The Weekly Wire: The Week’s Recommended Events

Friday 7/26

Arts: From the Mall to the Museum

Since the 2011 closure of Open Satellite, Bellevue has felt ever more under-galleried. There’s simply no cluster of walkable art venues; for that reason, this weekend’s BAM ARTSfair is the Eastside’s only one-stop opportunity for browsing and buying. First hosted in 1947 to promote the new mall, the gathering will feature over 300 artists and craft-makers at both BAM and Bellevue Square. Music, food, and family activities are part of the event, but the emphasis is on local creators who might not make it into a gallery or museum. Jewelry, clothing, and art in all media will be peddled. From fabric artist Mandy Greer, her 200-foot blue crochet installation Mater Matrix Mother & Medium will be on display (and she’ll lead a workshop). Admission to BAM will be free all weekend, and there you can see the new Patti Warashina career retrospective show, with 50 years of her ceramics on view. Bits of her family life and biography are incorporated into several pieces, and there’s a Bellevue connection, too. As a UW student in the early ’60s, long before BAM was founded, she showed her work at the old PANACA arts fair. “This was a pivotal experience for me,” Warashina recalls. “I made the transition from student to working professional, thereby making my art career a reality.” Perhaps some of this weekend’s participating artists will follow her same path. (Through Sun.) Bellevue Arts Museum, 510 Bellevue Way N.E., 425-519-0770, Free. 9:30 a.m.–9:30 p.m.

Film: Silence Is Golden

Alfred Hitchcock is the classic director for folks who don’t think they like classic movies. His perfect balance of cinematic tension, romantic thrills, and rumbling anxiety under the roller-coaster means that his films are constantly revived. Yet even many of his staunchest fans have only gingerly ventured into his rich and varied silent period—and not just because they are, you know, silent movies. Most have been neglected, with some negatives so degraded that you could barely discern an image. The British Film Institute has finally remedied that situation with The Hitchcock 9, newly restored editions of Hitchcock’s surviving silent features. Most fans will at least want to see his two most famous. In The Lodger (1926), his moody, graceful Jack the Ripper thriller, you can see the roots of Hitch’s great sound thrillers; he uses bold, expressionist images to render a murky world of guilt and innocence. Beginning the series tonight with live musical accompaniment from Diminished Men, the 1929 Blackmail was Hitchcock’s final silent; its defining set-pieces turn comforting landmarks into places of danger and unease. But you can also see Hitch working in other genres during the ’20s, including romantic comedy (The Farmer’s Wife) and drama (The Ring and The Manxman). He also applies his sophisticated touch to the Noel Coward adaptation of Easy Virtue. SIFF will present eight titles with live accompaniment by local musicians; The Lodger features a prerecorded orchestral score. Also note that SIFF continues its Hitch-fest with The UK Masterpieces (Mon.–Thurs.), with eight more titles, including the sound version of Blackmail. SIFF Cinema Uptown, 511 Queen Anne Ave. N., 324-9996, $10–$15 individual, $100–$125 series. 7:30 p.m.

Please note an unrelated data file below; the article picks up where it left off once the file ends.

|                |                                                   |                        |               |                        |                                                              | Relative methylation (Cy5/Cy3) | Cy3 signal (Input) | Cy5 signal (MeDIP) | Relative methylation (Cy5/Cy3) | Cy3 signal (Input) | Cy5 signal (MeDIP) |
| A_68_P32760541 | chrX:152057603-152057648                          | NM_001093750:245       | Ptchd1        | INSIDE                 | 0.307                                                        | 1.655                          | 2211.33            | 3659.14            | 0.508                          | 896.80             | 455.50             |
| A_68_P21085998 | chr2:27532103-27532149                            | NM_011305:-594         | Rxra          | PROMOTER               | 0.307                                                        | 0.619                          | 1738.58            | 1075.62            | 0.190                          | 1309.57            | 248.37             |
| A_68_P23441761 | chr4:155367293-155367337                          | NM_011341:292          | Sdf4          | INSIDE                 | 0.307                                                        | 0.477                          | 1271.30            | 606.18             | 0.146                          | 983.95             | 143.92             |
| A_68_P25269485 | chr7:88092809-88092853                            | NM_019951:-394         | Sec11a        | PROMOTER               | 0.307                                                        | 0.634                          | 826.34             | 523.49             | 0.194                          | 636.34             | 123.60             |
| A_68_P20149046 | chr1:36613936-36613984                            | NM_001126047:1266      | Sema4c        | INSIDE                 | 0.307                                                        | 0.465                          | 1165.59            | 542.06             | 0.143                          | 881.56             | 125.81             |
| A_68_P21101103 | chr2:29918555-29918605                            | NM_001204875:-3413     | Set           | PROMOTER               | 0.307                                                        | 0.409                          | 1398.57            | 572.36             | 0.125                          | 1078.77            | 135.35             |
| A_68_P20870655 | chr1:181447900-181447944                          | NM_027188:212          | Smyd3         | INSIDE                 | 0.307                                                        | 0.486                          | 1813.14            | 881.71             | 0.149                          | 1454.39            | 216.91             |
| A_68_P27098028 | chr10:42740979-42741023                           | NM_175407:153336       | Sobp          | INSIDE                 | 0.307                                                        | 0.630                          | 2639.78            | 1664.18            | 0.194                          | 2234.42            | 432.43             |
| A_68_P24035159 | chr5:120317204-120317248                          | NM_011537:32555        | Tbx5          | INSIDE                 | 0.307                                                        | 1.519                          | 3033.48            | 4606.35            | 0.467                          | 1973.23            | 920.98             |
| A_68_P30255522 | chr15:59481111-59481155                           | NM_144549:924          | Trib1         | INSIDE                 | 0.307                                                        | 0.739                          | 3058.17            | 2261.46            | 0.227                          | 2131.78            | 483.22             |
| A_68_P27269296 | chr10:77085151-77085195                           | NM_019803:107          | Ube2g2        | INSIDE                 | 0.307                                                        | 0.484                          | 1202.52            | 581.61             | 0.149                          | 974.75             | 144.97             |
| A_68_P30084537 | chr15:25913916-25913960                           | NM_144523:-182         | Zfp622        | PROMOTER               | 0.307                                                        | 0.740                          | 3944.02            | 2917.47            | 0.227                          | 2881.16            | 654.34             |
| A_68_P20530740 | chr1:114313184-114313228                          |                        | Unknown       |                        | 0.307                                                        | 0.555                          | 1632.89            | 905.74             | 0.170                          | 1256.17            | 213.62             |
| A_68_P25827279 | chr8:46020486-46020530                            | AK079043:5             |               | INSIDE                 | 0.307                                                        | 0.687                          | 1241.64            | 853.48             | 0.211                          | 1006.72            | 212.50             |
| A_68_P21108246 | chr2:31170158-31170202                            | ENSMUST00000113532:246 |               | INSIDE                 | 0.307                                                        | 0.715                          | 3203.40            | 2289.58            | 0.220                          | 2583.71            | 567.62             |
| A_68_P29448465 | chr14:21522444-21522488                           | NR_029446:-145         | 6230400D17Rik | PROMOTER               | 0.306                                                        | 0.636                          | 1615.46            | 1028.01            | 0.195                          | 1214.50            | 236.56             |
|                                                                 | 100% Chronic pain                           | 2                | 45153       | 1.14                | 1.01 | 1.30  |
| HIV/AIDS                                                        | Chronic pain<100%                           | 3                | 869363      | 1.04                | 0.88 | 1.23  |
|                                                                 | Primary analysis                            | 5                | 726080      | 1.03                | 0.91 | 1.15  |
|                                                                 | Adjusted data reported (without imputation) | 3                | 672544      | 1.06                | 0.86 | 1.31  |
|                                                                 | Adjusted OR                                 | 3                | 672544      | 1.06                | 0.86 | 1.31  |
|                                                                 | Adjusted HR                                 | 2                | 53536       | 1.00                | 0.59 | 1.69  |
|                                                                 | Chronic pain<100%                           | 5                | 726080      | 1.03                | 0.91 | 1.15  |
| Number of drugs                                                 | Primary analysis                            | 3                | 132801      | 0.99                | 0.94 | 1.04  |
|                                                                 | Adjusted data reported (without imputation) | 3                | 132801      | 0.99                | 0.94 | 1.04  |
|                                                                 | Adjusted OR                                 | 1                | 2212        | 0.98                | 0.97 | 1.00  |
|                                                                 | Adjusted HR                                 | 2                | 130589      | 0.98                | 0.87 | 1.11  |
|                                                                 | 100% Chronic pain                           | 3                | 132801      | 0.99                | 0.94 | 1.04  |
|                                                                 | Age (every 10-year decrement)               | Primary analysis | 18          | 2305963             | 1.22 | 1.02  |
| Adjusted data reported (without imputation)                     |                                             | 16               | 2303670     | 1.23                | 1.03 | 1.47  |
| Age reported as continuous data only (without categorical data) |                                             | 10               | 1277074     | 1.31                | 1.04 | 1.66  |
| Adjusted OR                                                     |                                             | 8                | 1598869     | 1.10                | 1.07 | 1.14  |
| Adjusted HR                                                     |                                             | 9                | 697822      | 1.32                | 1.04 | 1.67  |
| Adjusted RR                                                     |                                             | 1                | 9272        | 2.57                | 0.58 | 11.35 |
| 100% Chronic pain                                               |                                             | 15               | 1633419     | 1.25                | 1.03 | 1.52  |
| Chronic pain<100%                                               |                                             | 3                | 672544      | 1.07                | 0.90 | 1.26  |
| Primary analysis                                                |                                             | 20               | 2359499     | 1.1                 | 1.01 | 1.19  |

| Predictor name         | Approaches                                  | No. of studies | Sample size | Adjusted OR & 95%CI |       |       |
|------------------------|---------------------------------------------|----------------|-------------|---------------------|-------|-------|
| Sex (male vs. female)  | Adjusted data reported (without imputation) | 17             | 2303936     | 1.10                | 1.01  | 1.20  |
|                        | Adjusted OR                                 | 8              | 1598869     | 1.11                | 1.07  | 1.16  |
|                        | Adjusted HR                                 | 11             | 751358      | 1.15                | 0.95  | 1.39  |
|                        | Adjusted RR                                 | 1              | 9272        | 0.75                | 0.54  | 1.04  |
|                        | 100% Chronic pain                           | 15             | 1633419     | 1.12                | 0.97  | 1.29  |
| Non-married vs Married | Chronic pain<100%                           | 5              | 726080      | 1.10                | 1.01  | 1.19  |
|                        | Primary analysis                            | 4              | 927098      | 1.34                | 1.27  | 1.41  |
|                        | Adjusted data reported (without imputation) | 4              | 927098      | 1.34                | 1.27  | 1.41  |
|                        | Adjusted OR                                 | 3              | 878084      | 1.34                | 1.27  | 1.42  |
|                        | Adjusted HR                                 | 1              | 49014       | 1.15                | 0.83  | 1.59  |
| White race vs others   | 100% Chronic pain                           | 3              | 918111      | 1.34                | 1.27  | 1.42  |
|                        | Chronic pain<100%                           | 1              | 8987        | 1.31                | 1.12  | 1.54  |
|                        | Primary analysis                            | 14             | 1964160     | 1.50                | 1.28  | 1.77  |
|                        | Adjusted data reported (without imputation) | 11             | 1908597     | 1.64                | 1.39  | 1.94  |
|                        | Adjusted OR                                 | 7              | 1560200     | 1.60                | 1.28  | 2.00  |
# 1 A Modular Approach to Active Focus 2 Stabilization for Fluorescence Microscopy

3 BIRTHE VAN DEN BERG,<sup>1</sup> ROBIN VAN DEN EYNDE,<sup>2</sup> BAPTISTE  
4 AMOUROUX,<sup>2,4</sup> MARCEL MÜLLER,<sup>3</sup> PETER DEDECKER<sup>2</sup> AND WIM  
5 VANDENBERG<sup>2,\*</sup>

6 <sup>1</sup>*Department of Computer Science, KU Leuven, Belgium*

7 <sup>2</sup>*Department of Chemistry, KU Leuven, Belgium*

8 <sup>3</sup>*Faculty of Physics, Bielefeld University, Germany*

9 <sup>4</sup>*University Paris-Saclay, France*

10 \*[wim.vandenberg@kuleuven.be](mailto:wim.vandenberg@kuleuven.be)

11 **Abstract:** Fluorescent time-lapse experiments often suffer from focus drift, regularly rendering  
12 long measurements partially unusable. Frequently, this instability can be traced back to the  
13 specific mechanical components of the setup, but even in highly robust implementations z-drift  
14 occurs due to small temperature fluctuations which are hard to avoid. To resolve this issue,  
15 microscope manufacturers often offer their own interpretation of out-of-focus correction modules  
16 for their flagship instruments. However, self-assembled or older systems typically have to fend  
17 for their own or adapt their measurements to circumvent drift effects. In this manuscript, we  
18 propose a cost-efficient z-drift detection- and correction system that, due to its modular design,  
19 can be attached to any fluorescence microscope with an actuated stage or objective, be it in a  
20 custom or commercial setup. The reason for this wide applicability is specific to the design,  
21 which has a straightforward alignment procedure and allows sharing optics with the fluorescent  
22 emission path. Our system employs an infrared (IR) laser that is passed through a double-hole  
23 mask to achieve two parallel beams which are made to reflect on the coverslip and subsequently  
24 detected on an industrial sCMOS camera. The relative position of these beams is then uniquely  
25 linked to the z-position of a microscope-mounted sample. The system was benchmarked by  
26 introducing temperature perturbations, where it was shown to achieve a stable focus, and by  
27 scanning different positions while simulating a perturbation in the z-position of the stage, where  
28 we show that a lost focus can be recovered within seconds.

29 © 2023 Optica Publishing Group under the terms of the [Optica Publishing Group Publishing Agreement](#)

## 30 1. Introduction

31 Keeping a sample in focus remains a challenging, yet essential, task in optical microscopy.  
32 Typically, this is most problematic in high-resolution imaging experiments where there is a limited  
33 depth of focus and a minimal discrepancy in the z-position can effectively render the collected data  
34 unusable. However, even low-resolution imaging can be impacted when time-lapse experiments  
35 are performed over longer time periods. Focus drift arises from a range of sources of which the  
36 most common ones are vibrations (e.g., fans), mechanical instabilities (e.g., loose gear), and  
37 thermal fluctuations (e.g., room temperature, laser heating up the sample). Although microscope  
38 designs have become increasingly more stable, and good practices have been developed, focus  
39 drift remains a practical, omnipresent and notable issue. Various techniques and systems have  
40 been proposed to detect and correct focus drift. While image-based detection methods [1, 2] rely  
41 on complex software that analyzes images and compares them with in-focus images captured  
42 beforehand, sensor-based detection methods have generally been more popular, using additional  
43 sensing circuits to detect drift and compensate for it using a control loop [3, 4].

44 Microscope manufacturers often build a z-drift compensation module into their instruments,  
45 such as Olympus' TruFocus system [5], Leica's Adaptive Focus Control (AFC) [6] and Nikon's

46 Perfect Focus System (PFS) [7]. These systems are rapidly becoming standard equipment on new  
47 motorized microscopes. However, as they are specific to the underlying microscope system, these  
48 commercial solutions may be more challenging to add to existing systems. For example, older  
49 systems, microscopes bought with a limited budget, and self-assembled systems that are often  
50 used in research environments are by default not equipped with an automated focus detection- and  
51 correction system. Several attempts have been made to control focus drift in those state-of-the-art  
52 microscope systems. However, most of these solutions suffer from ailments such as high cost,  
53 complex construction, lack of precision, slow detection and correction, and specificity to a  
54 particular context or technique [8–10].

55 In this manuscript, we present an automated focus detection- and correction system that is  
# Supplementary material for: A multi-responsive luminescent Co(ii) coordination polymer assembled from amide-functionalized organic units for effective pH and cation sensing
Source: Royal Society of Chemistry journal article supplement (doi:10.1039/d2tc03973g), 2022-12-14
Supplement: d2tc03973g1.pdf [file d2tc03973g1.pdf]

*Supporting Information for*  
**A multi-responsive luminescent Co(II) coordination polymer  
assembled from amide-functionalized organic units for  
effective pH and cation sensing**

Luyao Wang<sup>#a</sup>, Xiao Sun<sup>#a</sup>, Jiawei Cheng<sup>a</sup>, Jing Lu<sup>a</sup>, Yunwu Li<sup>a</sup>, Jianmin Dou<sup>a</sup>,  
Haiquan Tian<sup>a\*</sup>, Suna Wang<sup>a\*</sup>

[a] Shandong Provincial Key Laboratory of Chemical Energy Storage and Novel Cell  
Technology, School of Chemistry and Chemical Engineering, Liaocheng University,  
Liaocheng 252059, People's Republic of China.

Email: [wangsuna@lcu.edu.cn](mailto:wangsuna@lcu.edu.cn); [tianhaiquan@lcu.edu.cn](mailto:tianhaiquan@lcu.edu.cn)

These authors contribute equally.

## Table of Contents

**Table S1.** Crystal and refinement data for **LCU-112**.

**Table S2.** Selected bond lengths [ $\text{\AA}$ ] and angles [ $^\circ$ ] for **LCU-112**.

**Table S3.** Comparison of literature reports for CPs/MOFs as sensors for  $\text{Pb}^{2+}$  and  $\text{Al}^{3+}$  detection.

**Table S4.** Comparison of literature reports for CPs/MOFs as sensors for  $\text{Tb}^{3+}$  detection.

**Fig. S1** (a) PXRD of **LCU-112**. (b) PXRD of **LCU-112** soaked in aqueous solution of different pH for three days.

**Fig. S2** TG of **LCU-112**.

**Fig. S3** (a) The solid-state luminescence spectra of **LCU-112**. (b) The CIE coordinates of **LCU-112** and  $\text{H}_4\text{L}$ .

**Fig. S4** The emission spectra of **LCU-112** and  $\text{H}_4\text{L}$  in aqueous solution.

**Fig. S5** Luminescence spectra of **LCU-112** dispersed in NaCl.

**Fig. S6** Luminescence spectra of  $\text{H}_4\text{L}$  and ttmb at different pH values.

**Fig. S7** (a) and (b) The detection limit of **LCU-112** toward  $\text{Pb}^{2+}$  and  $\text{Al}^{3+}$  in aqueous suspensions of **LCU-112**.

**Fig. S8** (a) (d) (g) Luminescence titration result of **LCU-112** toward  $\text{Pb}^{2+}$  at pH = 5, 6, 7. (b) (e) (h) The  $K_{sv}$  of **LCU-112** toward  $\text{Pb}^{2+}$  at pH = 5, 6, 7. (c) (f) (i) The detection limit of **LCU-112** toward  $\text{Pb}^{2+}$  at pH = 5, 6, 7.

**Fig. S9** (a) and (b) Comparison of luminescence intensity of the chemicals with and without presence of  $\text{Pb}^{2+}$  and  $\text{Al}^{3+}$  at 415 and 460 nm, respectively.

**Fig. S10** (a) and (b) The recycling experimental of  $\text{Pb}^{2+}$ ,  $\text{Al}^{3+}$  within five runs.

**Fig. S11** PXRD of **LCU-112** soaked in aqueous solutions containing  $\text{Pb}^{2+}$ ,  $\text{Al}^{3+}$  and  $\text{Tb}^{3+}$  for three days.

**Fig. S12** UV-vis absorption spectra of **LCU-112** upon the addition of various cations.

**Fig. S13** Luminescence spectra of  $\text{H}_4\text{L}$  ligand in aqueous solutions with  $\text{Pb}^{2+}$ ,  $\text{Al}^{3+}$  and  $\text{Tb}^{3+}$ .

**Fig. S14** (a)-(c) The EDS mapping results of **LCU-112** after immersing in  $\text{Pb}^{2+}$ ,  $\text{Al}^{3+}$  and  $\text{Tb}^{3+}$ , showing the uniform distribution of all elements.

Music: Boonie Rock

The Doe Bay Festival is already way sold out—but fear not, Thoreauvian music fan. The booking team that helped put that Orcas Island destination festival on the map five years back has a new overnight music shindig where festgoers can get their feet dirty while the sounds of 20 hand-picked bands bounce off the flora and fauna of rural Carnation. There will be organized stargazing, capture the flag, campfires, and acoustic guitars, most notably the ones held by ascendant singer/songwriters Zoe Muth, Bryan John Appleby, and Noah Gundersen, along with notorious busker Ben Fisher. But this isn’t all “Kumbaya,” folks. Headlining the Timber! Outdoor Music Festival’s Saturday lineup is a triple shot of West Coast pop. Portland duo Helio Sequence is adept at exploring the inner reaches of the natural mind via hard-hitting psychedelic pop songs; experimental rock duo Quasi features Janet Wise and Sam Coomes at their most feral; and Fruit Bats will play the melodies you’ll be humming on the car ride home. With Lemolo, Nu Klezmer Army, Vikesh Kapoor, S, Hobosexual, the Passenger String Quartet, and more. (Through Sat.) Tolt-MacDonald Park, 31020 N.E. 40th St., Carnation, Admission $45, camping $20–$1,000. Music starts at 4:15 p.m.